Maybe, now that the business community is raising red flags, something will change.
Members of the Iowa Business Council, a group that represents the state’s largest businesses, held a news conference at the Statehouse Monday to release its annual, nonpartisan review of economic trends. Dubbed Iowa’s Competitive Dashboard, the report measures statewide progress in five areas relative to other states — economic growth, education and workforce, governance, demographics and diversity, and health and wellness.
Headlines from the rollout have focused on demographics and diversity because the Business Council found the greatest shortcomings in that area, and because the issue rolls nicely into the larger national conversation about immigration. In the coming days, the Council plans to launch a public-private partnership to research and implement ways the state can attract and maintain a more diverse population, since it found only five states are less diverse. Iowa businesses, it seems, need more workers “from other states or other countries.”
But Iowa is not competing well in any of the Council’s key indicators.
And while this is an outlook from a business perspective, it’s clear an overall lack of people-centered public policy is holding the Hawkeye State back. Median household income has increased, according to the report, but only enough to push Iowa’s national rank from 26 to 25. Too many Iowans are obese — only three states fare worse — and we haven’t attracted enough primary care physicians. While we do well in high school graduation rates, too few Iowans are achieving college degrees. In many areas, such as number of people employed in science and technology jobs, Iowa held steady as other states advanced.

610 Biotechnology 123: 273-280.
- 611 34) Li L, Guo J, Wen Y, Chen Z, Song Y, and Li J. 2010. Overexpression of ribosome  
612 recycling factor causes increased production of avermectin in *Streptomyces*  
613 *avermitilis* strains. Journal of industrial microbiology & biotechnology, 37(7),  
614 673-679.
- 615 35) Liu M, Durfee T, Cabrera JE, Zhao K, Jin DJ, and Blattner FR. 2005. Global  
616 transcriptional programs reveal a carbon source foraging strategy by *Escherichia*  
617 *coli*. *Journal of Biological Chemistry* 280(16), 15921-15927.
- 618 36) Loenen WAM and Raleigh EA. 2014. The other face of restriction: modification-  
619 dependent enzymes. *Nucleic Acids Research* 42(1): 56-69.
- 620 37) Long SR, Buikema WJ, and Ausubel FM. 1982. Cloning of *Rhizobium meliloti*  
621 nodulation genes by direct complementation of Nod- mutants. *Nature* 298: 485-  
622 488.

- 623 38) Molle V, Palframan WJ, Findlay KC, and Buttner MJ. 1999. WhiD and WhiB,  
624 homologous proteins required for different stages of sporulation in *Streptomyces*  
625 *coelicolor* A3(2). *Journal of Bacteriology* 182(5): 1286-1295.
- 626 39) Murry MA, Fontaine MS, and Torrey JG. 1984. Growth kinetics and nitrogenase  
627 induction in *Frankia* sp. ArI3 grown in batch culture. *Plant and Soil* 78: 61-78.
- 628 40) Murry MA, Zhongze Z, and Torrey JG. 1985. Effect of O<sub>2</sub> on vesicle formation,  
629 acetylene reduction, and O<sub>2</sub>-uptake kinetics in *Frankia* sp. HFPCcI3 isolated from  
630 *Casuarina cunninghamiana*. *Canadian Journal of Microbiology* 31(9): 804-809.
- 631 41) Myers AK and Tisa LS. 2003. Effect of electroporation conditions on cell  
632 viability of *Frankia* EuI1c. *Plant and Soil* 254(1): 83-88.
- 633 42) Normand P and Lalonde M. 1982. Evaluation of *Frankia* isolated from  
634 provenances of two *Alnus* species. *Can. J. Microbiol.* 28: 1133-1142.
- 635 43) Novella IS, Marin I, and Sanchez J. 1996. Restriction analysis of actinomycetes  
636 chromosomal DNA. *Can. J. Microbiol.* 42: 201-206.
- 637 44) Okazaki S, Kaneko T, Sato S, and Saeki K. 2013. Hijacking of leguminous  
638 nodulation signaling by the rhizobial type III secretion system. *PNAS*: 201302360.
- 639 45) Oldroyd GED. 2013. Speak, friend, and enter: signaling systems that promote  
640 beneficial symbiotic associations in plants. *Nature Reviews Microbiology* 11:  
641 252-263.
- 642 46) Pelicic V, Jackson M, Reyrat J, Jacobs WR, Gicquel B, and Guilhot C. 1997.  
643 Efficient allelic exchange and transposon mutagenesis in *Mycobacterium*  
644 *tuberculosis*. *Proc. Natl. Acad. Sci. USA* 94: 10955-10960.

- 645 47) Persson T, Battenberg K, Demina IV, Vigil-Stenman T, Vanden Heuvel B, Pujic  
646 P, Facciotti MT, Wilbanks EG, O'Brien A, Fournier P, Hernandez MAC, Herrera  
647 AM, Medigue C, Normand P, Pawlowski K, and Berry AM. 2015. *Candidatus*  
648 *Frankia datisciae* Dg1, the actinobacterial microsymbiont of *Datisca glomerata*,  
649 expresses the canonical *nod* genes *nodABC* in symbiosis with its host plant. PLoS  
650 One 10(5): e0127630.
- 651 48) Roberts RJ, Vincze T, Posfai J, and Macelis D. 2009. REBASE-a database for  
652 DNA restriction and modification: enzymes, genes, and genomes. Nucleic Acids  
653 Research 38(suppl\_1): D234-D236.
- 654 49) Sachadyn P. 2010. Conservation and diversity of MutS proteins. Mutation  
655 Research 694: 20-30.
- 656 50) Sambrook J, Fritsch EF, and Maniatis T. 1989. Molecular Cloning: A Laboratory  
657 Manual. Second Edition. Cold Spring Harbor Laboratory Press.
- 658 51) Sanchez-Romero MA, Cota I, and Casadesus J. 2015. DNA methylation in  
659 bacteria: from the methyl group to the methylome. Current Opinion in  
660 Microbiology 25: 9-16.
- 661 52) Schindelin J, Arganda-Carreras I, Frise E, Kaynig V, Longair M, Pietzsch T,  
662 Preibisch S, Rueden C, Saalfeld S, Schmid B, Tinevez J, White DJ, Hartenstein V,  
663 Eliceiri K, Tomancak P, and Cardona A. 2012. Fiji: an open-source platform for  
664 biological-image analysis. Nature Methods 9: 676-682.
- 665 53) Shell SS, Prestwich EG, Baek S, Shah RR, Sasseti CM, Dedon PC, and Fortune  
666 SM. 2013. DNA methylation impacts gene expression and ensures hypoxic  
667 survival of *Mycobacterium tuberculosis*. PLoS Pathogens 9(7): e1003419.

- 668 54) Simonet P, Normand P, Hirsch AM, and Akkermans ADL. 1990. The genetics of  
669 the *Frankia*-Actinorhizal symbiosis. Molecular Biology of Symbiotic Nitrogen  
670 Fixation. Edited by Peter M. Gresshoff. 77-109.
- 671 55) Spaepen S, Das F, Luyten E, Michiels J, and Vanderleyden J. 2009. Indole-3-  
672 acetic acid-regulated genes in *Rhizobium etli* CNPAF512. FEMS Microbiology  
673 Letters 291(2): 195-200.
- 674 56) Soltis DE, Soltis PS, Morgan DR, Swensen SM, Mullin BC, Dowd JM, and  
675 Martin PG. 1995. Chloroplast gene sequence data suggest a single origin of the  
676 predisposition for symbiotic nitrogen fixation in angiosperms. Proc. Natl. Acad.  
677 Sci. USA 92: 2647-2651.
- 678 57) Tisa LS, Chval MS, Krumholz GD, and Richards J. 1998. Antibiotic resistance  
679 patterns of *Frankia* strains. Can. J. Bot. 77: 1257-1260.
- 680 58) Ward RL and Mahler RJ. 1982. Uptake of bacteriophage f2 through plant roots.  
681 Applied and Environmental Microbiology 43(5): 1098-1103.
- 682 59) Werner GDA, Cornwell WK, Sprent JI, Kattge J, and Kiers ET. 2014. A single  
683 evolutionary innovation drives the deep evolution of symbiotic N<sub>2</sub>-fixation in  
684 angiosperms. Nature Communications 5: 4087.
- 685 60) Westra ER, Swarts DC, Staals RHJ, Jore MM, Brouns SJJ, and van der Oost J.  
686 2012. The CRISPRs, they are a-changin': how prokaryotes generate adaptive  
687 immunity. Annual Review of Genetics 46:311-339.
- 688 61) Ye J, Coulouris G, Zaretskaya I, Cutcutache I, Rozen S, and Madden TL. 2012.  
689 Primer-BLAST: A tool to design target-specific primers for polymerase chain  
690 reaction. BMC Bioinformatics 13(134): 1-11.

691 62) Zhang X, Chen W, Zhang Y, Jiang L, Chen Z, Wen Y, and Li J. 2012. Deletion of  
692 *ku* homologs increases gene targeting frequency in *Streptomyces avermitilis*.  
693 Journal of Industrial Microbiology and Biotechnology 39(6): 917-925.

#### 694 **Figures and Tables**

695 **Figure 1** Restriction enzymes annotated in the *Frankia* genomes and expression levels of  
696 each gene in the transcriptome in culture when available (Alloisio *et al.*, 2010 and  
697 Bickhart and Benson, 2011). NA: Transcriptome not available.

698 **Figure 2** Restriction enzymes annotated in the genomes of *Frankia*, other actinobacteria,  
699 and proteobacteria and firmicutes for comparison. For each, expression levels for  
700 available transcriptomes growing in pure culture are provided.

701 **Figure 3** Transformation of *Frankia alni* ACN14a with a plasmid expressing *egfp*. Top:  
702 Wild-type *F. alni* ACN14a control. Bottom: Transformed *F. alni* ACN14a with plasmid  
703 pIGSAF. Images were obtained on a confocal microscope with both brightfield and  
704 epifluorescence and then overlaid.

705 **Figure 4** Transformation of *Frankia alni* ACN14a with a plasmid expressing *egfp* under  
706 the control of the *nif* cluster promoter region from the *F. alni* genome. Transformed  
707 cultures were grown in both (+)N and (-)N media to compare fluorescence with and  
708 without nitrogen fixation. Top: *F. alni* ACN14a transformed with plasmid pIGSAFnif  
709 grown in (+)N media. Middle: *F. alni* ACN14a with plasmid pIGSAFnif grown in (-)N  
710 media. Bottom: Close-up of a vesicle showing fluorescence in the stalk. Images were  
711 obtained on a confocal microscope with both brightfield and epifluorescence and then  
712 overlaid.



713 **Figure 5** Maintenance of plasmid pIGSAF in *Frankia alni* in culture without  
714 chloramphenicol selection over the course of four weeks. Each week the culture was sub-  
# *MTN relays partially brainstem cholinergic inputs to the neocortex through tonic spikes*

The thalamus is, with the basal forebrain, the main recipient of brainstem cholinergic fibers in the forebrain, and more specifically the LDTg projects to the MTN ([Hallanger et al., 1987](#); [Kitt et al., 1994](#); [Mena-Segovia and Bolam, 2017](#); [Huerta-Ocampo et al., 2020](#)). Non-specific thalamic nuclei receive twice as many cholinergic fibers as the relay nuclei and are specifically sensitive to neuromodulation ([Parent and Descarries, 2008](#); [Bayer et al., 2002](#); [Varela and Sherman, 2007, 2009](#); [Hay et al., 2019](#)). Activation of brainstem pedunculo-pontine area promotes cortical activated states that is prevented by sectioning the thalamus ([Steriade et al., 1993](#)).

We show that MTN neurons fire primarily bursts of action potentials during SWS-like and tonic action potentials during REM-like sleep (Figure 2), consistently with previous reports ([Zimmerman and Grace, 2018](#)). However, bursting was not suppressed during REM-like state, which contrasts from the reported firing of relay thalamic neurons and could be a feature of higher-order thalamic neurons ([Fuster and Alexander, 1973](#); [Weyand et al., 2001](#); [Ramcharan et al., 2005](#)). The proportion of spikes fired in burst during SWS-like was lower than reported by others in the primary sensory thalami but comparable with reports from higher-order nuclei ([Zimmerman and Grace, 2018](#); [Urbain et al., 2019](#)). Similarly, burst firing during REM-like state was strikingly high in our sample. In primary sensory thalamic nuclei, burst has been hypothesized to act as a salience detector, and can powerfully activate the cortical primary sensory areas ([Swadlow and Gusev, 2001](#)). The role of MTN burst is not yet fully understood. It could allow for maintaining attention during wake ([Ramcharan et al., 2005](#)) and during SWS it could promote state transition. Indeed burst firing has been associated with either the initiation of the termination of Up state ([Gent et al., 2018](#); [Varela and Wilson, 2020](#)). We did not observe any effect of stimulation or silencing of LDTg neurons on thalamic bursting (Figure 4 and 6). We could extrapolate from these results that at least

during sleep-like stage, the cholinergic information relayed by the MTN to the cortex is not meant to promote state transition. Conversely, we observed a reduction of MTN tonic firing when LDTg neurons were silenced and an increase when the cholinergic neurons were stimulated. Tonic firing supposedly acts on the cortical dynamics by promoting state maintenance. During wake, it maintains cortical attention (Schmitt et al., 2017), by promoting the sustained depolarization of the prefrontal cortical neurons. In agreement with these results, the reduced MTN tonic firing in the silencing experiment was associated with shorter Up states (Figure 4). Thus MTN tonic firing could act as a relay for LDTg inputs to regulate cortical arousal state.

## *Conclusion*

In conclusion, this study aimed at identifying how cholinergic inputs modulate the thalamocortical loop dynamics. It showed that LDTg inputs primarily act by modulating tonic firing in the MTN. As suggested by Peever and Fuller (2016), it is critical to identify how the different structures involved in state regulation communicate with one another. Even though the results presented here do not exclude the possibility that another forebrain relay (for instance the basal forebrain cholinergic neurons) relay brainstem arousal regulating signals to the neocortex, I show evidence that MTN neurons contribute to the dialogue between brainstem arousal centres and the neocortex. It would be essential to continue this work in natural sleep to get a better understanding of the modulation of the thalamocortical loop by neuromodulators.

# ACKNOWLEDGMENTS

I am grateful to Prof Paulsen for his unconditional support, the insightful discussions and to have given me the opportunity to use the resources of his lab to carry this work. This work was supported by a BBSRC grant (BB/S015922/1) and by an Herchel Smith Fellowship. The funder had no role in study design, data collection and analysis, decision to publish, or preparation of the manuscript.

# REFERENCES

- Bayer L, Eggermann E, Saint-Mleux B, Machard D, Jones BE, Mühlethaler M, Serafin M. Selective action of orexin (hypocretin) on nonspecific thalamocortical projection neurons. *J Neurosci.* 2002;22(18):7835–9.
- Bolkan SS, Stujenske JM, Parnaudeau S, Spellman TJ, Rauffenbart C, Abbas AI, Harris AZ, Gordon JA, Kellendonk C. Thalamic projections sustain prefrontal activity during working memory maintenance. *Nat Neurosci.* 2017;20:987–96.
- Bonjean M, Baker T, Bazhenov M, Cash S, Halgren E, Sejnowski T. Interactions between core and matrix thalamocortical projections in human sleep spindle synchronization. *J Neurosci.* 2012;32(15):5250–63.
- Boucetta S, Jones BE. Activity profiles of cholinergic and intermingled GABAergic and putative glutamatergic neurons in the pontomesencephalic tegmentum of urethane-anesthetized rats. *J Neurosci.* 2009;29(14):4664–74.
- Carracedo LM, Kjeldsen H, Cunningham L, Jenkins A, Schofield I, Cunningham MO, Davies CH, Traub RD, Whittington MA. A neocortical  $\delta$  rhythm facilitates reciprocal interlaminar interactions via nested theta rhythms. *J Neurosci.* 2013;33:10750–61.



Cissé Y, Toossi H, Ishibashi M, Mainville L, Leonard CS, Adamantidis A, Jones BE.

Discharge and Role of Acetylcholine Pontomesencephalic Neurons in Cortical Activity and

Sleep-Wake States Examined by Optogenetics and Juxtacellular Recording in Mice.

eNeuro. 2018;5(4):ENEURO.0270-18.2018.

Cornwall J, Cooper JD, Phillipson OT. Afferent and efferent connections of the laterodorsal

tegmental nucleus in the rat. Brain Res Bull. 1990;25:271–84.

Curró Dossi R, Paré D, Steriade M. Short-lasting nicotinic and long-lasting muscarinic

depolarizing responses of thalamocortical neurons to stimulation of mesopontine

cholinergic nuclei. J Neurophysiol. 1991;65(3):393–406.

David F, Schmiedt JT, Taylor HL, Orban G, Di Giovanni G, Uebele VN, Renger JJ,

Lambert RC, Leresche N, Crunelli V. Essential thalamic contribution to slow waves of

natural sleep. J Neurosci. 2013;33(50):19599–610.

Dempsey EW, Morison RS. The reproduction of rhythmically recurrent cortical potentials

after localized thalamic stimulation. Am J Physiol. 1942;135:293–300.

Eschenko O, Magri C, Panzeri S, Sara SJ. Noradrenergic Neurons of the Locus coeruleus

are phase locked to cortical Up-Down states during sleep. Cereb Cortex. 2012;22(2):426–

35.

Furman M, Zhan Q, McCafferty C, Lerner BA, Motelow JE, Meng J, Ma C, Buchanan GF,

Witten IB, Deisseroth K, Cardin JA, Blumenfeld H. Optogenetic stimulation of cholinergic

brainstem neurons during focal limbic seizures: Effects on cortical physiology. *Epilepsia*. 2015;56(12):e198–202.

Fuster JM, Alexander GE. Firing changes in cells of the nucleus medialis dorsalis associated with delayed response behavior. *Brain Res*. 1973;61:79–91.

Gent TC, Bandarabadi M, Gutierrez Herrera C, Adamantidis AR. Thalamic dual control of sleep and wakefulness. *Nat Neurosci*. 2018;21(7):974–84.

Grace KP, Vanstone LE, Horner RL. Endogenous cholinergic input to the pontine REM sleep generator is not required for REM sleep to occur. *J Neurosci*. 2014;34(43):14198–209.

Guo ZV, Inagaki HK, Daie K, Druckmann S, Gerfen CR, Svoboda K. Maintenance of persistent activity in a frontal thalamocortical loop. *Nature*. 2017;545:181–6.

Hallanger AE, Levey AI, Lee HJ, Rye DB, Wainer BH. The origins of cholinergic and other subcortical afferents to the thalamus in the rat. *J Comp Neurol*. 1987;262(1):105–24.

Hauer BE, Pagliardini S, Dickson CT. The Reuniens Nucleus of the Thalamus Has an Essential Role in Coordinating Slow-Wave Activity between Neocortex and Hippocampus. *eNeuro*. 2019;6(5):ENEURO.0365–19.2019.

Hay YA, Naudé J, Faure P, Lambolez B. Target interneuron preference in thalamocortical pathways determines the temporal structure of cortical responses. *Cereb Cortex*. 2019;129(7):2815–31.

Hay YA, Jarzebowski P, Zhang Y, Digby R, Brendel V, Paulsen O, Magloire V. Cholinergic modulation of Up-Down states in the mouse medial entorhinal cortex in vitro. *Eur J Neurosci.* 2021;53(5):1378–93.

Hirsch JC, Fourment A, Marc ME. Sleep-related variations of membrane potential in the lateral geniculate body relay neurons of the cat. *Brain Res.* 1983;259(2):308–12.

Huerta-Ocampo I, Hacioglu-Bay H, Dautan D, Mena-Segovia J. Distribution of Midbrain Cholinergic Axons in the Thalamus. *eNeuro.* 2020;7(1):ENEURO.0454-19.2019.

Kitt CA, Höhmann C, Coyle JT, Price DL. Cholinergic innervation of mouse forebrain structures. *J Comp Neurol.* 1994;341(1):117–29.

After meeting with business leaders in some of Iowa’s smaller cities, the group is turning its attention to issues like affordable housing, public health and food deserts.
“It is critical that all of Iowa — rural, suburban, metro — see population growth, otherwise the shortage of workers will constrain Iowa business in the future,” Terry Handley, CEO of Casey’s General Stores and vice chairman of the Council, said during the news conference.
People don’t want to live somewhere where they just get by or merely survive. People, especially those nurturing the next generation, want to be somewhere they have an opportunity thrive.
That means being able to access affordable health care, including family planning services, and having a descent place to live that doesn’t require spending more than 30 percent of income. It means having a local store that offers fresh and nutritious food options, and reliable transportation to that merchant. It also means quality educational opportunities, valued by local and state government. It means green space, public art and other cultural and recreational opportunities to stimulate mind and spirit.
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These are the attributes of a welcoming community; not the priorities of our most recent crop of legislators. Through a policy shift or the next election, maybe Iowa is finally ready for change.
• Comments: @LyndaIowa, (319) 368-8513, email@example.com